A tiny species of poison dart frog barely the size of a human fingernail has been discovered in a pocket of forest in central Panama, but its unique chirps may not be heard for much longer.
The new species—dubbed Andinobates geminisae—was discovered in 2011 by researchers from the Smithsonian Tropical Research Institute and the Autonomous University of Chiriquí, and described last month in a paper in the journal Zootaxa. It has bright orange skin with a pale marbling on its underside; its vocalizations are made of up of pulses, or "clicks," at wavelengths below those of other frogs in its genus. (You can hear the frog's calls recorded against the flowing water of the Rio Caño here.)
The new frog was actually hidden in plain sight for many years; researchers thought it might have just been a color variation on a frog from another genus, the strawberry poison dart frog (Oophaga pumilio). That frog is similarly small and orange but much more common, with a range that extends through Panama, Nicaragua and Costa Rica. But Smithsonian herpetologist Cesar Jaramillo suspected that one of these frogs was not like the other: He noted morphological differences between the adults and tadpoles of the two types of frogs and thought they might be separate species. DNA tests conducted at the University of Los Andes in Colombia later confirmed this. The new species was placed in the genus Andinobates. The genus itself was only identified three years ago (the frogs had previously been lumped in with another genus) and now has 15 known species. A. geminisae joins another new species, A. cassidyhornae, which was discovered in Colombia last year.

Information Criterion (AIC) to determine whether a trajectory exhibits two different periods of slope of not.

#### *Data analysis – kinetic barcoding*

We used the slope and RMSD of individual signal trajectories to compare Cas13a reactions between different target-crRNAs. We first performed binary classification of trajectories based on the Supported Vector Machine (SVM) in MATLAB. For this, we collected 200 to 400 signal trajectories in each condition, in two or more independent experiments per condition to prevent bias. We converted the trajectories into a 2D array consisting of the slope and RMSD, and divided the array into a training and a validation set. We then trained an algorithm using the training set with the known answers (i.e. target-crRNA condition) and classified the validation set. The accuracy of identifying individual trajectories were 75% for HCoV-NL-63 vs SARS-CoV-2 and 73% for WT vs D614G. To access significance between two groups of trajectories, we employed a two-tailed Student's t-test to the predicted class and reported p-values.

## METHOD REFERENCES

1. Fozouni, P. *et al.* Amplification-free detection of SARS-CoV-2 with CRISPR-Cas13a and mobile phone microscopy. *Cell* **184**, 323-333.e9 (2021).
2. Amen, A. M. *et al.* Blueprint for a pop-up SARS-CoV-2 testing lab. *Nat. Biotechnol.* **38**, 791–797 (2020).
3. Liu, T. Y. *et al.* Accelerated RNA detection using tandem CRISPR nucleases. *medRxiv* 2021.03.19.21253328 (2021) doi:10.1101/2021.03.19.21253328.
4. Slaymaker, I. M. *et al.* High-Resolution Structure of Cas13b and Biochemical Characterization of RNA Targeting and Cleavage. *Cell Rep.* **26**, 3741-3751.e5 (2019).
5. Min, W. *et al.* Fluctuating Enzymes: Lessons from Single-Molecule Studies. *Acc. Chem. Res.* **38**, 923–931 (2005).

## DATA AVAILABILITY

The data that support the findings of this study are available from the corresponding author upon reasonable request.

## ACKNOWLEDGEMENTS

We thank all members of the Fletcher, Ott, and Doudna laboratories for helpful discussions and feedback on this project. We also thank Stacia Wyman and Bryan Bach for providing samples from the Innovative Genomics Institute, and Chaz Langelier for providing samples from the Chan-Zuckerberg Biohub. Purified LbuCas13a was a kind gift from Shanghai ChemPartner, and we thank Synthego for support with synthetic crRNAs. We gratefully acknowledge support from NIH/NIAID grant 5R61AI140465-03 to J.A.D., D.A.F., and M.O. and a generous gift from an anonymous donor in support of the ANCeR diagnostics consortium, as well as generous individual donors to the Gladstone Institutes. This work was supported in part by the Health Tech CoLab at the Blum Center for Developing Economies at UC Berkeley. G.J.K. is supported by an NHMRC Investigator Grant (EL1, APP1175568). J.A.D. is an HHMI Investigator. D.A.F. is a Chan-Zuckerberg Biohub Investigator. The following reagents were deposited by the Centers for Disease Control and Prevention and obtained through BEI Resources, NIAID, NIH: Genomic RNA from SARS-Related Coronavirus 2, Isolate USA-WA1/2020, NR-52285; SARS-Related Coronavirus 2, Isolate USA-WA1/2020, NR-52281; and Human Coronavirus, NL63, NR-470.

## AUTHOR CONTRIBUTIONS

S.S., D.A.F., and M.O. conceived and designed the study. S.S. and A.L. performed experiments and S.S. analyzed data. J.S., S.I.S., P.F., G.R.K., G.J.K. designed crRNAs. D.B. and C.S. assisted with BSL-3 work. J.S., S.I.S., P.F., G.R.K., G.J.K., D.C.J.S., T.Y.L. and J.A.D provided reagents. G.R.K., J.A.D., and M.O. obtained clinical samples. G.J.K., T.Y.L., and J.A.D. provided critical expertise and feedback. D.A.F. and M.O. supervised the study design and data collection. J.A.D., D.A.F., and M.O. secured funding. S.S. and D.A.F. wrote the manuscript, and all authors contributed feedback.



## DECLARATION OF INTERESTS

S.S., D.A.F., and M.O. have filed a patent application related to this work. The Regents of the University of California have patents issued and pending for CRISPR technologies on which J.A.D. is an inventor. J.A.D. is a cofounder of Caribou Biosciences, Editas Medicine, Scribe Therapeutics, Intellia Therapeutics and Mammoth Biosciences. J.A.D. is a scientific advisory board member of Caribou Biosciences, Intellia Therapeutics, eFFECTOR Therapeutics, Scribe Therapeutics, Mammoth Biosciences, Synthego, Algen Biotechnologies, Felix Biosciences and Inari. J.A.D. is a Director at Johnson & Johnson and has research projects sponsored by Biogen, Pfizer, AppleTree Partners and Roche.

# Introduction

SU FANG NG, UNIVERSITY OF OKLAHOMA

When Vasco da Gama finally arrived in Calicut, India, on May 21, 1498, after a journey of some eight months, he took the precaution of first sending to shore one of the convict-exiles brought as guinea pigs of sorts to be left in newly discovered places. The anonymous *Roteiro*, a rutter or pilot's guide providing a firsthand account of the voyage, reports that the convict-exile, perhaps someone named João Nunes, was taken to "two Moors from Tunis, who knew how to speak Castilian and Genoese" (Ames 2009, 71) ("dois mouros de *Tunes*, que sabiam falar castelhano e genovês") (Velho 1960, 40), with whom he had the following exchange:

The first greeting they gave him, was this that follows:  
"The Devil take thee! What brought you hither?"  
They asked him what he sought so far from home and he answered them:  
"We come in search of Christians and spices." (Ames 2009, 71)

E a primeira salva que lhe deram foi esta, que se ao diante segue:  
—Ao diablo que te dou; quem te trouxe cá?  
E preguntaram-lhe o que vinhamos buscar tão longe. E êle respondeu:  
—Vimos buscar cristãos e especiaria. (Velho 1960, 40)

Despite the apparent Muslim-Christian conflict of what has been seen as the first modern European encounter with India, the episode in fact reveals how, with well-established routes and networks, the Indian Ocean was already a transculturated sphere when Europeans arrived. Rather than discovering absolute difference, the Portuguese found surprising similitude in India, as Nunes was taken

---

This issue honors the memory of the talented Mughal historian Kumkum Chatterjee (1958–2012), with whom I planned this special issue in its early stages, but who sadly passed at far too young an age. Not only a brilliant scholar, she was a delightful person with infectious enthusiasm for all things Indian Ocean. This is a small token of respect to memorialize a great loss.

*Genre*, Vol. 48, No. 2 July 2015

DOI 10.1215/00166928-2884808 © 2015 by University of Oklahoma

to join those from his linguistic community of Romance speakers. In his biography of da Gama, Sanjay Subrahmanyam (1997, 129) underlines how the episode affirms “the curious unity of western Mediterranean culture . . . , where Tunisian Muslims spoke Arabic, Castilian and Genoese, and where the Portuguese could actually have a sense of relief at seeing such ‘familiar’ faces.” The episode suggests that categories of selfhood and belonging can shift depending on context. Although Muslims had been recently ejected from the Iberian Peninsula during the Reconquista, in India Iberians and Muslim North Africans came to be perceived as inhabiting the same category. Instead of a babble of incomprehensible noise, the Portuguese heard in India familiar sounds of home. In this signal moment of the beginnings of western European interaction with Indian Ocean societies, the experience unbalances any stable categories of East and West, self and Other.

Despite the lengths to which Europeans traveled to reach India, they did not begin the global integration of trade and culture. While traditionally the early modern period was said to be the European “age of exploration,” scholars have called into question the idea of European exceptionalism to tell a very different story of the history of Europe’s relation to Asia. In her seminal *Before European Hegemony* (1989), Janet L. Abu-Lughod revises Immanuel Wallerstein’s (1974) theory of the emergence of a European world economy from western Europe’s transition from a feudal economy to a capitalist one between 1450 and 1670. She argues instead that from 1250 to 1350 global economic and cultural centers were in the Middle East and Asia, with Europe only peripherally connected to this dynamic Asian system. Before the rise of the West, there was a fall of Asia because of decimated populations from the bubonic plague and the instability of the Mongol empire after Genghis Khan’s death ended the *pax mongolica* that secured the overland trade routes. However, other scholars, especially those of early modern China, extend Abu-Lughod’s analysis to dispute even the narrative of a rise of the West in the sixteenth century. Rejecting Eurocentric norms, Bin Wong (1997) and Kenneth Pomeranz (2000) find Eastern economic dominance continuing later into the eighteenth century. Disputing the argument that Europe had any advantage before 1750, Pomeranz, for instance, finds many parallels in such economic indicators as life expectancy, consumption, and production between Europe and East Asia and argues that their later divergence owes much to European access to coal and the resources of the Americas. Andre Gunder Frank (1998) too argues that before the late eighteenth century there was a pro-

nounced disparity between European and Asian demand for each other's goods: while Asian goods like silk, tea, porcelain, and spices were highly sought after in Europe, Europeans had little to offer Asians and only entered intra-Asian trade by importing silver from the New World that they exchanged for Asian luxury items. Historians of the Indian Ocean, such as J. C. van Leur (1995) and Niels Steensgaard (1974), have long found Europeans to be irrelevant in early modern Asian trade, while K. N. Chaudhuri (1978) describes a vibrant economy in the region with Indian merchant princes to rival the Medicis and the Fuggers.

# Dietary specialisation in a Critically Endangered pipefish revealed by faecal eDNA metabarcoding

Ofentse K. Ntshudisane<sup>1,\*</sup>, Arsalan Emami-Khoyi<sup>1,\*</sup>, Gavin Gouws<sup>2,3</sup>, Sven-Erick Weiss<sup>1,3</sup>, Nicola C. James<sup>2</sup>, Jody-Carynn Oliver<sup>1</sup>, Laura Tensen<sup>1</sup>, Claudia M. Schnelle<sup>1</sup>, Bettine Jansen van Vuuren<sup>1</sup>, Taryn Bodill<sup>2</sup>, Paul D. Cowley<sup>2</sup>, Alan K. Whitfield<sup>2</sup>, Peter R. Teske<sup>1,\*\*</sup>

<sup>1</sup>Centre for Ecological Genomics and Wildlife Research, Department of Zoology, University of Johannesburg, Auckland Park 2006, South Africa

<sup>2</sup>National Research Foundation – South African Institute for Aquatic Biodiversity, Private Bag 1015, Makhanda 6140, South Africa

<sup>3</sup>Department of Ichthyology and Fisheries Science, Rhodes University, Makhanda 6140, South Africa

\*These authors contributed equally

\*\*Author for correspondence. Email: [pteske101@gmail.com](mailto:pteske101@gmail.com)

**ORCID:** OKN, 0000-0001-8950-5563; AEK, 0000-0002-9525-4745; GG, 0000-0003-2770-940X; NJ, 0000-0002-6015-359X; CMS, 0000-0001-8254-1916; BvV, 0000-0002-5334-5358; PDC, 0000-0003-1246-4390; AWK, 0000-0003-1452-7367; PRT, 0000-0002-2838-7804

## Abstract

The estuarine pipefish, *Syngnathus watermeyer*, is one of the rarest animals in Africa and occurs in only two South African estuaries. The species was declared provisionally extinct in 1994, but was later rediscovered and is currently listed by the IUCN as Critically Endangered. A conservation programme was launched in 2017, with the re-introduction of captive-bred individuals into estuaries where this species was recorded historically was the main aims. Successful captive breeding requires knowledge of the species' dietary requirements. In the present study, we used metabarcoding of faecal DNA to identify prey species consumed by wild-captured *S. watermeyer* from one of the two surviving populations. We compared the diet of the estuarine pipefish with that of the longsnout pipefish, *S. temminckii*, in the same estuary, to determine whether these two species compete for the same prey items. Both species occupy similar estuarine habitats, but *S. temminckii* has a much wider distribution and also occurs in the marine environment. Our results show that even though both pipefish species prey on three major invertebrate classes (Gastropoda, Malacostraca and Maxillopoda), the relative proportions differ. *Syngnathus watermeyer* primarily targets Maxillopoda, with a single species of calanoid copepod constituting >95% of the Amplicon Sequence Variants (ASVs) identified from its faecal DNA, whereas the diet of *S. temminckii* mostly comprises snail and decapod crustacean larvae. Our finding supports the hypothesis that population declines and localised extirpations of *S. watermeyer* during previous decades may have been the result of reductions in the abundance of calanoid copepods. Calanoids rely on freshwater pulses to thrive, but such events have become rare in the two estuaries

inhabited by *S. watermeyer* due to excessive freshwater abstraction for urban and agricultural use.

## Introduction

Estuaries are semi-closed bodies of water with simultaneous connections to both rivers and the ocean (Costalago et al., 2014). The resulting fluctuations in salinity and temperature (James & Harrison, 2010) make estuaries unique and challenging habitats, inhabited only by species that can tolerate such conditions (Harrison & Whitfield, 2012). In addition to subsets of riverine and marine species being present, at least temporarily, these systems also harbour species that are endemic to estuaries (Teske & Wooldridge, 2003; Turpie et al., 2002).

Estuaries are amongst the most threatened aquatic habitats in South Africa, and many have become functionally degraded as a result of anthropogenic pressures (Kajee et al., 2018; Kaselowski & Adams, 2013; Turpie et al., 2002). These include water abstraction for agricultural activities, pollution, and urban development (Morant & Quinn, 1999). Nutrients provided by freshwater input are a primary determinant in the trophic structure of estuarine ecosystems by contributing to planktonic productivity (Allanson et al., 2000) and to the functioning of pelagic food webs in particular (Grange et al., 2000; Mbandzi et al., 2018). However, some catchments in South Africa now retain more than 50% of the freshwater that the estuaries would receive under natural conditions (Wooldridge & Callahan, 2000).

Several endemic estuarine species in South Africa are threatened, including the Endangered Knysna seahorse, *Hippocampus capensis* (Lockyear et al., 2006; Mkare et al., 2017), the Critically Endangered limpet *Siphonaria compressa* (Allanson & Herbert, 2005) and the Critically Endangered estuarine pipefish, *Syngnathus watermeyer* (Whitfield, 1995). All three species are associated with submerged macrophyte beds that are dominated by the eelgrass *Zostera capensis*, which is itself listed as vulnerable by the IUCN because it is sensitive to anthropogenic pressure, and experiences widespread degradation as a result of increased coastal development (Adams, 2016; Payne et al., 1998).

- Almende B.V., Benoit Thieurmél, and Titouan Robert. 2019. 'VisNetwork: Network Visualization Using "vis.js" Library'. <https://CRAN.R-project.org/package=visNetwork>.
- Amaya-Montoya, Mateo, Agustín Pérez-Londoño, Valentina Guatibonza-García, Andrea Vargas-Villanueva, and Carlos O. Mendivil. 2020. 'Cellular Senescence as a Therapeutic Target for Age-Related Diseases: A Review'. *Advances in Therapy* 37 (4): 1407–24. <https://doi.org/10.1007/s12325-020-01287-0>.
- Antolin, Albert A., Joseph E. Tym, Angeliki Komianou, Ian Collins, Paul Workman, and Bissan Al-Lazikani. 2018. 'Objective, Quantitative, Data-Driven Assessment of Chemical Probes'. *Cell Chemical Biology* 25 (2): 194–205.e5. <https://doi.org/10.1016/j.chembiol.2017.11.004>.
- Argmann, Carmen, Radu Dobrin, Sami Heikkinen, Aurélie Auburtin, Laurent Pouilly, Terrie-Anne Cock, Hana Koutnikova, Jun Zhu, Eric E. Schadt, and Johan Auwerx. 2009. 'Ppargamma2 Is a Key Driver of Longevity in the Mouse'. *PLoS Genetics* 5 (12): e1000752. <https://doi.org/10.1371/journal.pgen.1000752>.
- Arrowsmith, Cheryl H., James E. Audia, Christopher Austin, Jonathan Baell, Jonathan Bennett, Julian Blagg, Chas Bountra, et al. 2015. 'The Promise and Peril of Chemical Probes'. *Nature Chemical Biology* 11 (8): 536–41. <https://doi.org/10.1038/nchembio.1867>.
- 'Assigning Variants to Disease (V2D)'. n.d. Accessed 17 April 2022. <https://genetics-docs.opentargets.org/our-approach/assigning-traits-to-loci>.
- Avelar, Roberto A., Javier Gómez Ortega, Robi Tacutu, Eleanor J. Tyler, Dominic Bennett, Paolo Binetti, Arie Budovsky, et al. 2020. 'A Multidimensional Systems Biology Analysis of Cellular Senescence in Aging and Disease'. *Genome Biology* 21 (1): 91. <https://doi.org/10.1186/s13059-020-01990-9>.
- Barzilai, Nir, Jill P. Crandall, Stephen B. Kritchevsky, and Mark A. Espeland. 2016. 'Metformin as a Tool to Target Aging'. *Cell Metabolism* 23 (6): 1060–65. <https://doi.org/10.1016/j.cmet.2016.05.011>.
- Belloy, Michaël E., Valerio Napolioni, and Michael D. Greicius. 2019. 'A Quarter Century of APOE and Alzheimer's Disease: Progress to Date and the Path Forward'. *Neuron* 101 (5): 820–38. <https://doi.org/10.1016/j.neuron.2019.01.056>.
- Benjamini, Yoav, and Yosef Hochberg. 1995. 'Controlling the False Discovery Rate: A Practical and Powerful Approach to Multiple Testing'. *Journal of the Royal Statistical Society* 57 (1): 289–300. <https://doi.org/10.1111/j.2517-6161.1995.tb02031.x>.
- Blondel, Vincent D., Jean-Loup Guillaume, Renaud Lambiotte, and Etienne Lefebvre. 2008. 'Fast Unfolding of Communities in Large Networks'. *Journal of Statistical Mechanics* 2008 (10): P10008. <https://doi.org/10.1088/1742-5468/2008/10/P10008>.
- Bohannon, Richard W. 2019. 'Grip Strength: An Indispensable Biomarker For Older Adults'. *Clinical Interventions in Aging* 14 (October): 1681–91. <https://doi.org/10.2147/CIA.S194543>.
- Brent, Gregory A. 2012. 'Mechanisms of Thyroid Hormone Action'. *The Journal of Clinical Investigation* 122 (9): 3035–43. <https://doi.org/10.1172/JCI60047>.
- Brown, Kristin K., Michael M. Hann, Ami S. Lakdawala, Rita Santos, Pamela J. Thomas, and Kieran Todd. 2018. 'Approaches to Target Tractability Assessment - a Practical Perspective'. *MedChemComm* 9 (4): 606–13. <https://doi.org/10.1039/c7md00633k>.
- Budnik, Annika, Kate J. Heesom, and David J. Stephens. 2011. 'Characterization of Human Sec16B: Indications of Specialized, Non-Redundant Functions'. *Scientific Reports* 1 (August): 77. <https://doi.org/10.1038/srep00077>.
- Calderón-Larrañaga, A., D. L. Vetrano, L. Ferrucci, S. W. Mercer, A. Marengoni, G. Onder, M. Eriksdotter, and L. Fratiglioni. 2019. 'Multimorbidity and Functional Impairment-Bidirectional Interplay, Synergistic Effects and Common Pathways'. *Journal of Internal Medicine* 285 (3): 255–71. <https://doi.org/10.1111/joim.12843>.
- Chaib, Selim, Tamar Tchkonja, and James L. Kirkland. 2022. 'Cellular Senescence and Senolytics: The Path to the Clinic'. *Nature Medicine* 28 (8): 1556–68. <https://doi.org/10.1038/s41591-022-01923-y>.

Unfortunately, the researchers warn, A. geminisae only lives in a very small area in Panama's Donoso District and should be considered threatened. Donoso has been heavily deforested in recent years to make way for gold, silver and copper mines, some of which operate illegally. The researchers wrote that additional studies of this new species are "urgently needed" to determine its ecology, breeding biology and other behaviors so we can understand how to save it while there is still time.
Photo: Cesar Jaramillo, courtesy of the Smithsonian Tropical Research Institute